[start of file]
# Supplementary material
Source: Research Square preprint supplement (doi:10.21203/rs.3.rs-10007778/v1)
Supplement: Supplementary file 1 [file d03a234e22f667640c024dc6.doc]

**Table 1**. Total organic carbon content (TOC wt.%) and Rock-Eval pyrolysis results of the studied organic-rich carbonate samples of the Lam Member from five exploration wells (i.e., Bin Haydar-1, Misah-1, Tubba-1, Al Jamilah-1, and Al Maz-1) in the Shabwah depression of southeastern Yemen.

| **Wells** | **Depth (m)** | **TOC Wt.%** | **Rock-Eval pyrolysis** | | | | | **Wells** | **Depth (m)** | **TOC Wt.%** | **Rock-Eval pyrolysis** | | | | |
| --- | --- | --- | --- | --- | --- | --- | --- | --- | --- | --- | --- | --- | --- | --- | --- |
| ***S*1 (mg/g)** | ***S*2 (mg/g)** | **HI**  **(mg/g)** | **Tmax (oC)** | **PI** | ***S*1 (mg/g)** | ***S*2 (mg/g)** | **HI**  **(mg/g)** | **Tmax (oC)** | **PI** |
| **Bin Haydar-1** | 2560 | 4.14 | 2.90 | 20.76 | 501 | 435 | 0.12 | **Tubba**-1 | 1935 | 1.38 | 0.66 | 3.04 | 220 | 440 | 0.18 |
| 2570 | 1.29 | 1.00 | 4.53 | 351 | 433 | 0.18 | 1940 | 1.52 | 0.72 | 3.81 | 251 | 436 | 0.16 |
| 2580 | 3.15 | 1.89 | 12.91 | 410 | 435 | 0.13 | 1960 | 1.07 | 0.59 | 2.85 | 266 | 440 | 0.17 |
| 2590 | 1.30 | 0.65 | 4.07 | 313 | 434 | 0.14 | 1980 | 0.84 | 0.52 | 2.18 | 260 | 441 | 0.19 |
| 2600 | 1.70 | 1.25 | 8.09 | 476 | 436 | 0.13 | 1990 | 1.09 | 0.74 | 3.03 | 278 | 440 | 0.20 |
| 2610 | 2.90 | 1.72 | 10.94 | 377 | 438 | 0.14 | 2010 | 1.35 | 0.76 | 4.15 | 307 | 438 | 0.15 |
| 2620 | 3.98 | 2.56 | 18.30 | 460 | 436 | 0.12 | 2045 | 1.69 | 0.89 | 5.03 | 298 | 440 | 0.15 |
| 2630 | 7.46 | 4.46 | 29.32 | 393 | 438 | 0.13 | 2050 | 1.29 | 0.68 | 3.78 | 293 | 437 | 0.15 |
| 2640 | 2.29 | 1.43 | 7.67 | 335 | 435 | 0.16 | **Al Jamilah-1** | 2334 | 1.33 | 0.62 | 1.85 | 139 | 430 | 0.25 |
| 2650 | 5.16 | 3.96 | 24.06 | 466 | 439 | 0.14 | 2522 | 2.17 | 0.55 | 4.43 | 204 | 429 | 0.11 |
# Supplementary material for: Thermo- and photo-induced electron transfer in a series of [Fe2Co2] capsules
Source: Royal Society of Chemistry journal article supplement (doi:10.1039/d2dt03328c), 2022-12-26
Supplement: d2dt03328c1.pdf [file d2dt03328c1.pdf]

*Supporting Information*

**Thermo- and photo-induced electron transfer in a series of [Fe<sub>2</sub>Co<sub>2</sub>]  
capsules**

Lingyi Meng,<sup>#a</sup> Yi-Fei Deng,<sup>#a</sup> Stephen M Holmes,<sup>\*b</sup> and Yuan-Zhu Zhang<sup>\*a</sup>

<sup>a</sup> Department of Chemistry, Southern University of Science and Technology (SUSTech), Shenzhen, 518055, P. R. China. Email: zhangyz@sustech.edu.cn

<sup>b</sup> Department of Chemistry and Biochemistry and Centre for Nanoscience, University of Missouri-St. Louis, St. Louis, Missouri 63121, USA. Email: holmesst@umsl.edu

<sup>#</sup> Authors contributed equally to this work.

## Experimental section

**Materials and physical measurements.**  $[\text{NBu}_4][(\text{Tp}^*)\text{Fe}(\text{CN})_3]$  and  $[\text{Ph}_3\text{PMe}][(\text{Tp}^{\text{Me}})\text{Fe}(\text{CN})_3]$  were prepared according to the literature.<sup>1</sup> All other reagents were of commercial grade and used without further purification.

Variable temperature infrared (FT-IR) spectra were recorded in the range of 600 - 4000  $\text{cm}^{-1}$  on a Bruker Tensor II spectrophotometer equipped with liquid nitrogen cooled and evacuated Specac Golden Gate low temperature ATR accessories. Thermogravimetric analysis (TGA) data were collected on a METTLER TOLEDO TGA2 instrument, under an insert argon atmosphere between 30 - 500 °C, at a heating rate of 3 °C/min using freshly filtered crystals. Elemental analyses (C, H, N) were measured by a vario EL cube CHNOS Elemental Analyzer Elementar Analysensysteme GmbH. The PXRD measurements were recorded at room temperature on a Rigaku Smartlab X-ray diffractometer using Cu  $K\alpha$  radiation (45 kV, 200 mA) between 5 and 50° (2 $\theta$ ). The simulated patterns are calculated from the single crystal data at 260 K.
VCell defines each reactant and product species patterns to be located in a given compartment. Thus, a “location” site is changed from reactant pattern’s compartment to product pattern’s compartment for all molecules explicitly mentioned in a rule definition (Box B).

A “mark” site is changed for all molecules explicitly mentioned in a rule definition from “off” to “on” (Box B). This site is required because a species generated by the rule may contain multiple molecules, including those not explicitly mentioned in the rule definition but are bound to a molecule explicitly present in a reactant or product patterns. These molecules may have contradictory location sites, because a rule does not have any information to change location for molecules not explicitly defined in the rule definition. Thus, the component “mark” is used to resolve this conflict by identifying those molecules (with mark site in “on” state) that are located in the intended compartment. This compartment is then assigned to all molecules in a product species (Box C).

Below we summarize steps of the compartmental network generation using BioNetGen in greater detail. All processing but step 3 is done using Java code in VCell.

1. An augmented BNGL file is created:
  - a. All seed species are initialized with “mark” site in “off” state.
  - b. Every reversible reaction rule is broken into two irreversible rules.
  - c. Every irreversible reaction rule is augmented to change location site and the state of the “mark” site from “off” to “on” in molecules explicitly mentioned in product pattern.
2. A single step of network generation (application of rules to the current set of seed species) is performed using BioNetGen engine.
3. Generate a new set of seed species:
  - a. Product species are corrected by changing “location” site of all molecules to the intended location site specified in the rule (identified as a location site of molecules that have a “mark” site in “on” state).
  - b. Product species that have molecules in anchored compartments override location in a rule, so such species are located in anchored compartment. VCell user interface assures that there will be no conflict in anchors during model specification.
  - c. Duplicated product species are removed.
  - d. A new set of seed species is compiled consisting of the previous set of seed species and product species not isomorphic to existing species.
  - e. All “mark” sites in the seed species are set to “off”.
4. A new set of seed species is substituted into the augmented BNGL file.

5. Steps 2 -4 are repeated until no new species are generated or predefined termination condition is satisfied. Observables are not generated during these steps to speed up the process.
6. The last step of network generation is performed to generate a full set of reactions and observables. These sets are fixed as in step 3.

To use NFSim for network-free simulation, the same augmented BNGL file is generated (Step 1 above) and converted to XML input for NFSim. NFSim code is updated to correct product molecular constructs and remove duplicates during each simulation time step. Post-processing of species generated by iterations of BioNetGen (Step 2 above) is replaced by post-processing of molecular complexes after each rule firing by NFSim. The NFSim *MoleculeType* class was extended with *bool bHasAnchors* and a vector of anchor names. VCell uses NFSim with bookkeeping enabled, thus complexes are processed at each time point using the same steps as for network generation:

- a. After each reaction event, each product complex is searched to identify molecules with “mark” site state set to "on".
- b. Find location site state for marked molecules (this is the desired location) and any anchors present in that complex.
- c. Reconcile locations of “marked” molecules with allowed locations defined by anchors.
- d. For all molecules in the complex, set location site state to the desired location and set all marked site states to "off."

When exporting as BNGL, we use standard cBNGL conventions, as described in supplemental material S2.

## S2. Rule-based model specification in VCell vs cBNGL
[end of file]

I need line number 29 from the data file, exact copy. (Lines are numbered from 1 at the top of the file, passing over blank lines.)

**Materials and physical measurements.**  $[\text{NBu}_4][(\text{Tp}^*)\text{Fe}(\text{CN})_3]$  and  $[\text{Ph}_3\text{PMe}][(\text{Tp}^{\text{Me}})\text{Fe}(\text{CN})_3]$  were prepared according to the literature.<sup>1</sup> All other reagents were of commercial grade and used without further purification.